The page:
Soon, Tillie was born, a docile, dark haired beauty. After that another girl, Olivia with golden ringlets like Tommy, except school aged now, the curls long gone. Finally, another son, Mark, with fiery red hair from his father, proved the temper that goes with that trademark.
As the children grew, they loved the upstairs with a large middle bedroom and a huge bed for jumping, so they thought; but Martha and her mother told them otherwise. Once, they landed on the floor with the mattress bunched up around them. Apprehensively they waited for they knew they couldn't hide. They wanted to scoot down the back enclosed stairs, but they couldn't escape, as it dumped right into the kitchen. Their grandma yelled from the downstairs, for she sat directly below them, fussing about the jumping for some time. Martha, busy in the kitchen, didn't really listen to her mother. The crash and her mother's louder scream finally brought the kitchen to attention. Martha and the hired girl ran up the back stairs to see the four in such a tussle that they laughed. Soon the mattress was back on the bed. Martha declared it was time to turn it anyways, but the children sent to separate rooms, solemnly watched the snow fall heavily.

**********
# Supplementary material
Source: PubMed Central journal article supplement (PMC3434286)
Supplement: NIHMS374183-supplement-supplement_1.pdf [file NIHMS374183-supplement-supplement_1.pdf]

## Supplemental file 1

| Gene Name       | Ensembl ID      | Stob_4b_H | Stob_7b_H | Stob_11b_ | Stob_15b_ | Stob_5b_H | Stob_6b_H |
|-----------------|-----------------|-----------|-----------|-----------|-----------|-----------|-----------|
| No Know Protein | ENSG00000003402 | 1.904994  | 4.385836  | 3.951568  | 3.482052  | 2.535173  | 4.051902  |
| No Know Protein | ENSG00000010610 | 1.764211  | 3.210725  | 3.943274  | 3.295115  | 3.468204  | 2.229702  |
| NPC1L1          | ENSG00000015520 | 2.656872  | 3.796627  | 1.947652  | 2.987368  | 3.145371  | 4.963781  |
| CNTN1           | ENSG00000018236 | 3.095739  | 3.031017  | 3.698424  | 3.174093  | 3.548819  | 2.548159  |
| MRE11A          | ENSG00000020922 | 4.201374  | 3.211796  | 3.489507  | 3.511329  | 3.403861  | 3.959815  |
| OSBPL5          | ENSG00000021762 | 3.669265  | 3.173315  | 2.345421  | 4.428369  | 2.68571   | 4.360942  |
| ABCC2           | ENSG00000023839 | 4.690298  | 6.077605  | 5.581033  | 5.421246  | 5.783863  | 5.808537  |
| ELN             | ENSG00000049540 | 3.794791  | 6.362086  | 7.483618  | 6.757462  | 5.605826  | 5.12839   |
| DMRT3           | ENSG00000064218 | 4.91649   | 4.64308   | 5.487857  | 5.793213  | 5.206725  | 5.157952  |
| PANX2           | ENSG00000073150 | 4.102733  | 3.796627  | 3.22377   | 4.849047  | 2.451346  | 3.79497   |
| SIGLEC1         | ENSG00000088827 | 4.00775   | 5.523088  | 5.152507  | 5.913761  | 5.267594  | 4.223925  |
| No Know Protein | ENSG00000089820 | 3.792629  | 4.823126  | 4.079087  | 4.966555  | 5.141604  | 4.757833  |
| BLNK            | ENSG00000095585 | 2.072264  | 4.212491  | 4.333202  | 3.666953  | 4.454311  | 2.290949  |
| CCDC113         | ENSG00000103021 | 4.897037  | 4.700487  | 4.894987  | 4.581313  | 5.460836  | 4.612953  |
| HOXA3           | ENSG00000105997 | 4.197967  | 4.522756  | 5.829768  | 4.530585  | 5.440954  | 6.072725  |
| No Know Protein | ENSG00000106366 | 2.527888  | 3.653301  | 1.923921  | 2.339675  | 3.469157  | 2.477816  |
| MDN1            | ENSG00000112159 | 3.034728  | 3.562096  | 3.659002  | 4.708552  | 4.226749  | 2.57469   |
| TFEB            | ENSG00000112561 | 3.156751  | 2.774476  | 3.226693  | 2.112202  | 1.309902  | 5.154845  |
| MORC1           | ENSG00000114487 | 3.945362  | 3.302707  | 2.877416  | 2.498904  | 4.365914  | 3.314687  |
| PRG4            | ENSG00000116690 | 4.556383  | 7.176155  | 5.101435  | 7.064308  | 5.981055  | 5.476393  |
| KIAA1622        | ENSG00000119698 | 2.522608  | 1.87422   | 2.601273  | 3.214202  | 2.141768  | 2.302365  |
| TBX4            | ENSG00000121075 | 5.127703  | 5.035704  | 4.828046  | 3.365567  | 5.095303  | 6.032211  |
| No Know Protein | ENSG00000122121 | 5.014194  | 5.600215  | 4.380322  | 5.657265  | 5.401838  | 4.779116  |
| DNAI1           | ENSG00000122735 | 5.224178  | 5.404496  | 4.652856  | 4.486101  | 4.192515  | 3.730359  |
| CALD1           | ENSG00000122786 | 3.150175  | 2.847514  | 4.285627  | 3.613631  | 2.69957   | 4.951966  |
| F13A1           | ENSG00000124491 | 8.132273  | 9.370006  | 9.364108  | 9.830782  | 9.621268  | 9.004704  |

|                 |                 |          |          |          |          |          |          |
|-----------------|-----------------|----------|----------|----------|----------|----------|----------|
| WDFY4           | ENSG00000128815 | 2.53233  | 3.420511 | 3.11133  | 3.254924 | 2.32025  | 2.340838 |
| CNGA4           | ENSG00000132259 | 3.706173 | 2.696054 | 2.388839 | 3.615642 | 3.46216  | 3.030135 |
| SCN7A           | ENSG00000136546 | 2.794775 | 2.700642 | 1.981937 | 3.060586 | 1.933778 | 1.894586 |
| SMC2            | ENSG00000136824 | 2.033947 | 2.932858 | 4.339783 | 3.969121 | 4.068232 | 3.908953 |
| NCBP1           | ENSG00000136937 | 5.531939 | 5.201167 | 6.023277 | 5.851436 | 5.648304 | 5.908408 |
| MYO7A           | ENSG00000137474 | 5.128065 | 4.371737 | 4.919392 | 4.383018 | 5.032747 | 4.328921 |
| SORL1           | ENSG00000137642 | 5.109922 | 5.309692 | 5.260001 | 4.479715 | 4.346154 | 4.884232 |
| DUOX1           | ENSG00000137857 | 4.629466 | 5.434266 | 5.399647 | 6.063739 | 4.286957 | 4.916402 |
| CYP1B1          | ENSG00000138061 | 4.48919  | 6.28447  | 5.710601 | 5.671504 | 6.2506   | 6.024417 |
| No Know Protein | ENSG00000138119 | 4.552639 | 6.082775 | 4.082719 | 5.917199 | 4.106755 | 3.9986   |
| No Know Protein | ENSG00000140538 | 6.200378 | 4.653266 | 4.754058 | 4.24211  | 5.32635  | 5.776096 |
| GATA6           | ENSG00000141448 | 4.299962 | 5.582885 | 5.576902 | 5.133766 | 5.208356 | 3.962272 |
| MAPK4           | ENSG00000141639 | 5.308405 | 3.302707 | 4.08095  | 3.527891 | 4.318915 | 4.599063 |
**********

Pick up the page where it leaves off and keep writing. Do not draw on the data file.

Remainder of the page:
The chided mood didn't last past supper, as that thick snow turned into a sledding party after they ate. The neighbor kids all showed up in their hats and mufflers, with sleds and toboggans in tow. The side street beside their yard transformed into a sledding hill with children piled high onto each other, their laughter echoing down the the hill to the bottom, far enough away from the creek to prove no danger.
Tom built a fire and soon the children of all sizes bundled close to it. Some potatoes placed in the fire by Martha made a hot starchy treat that also warmed frozen fingers.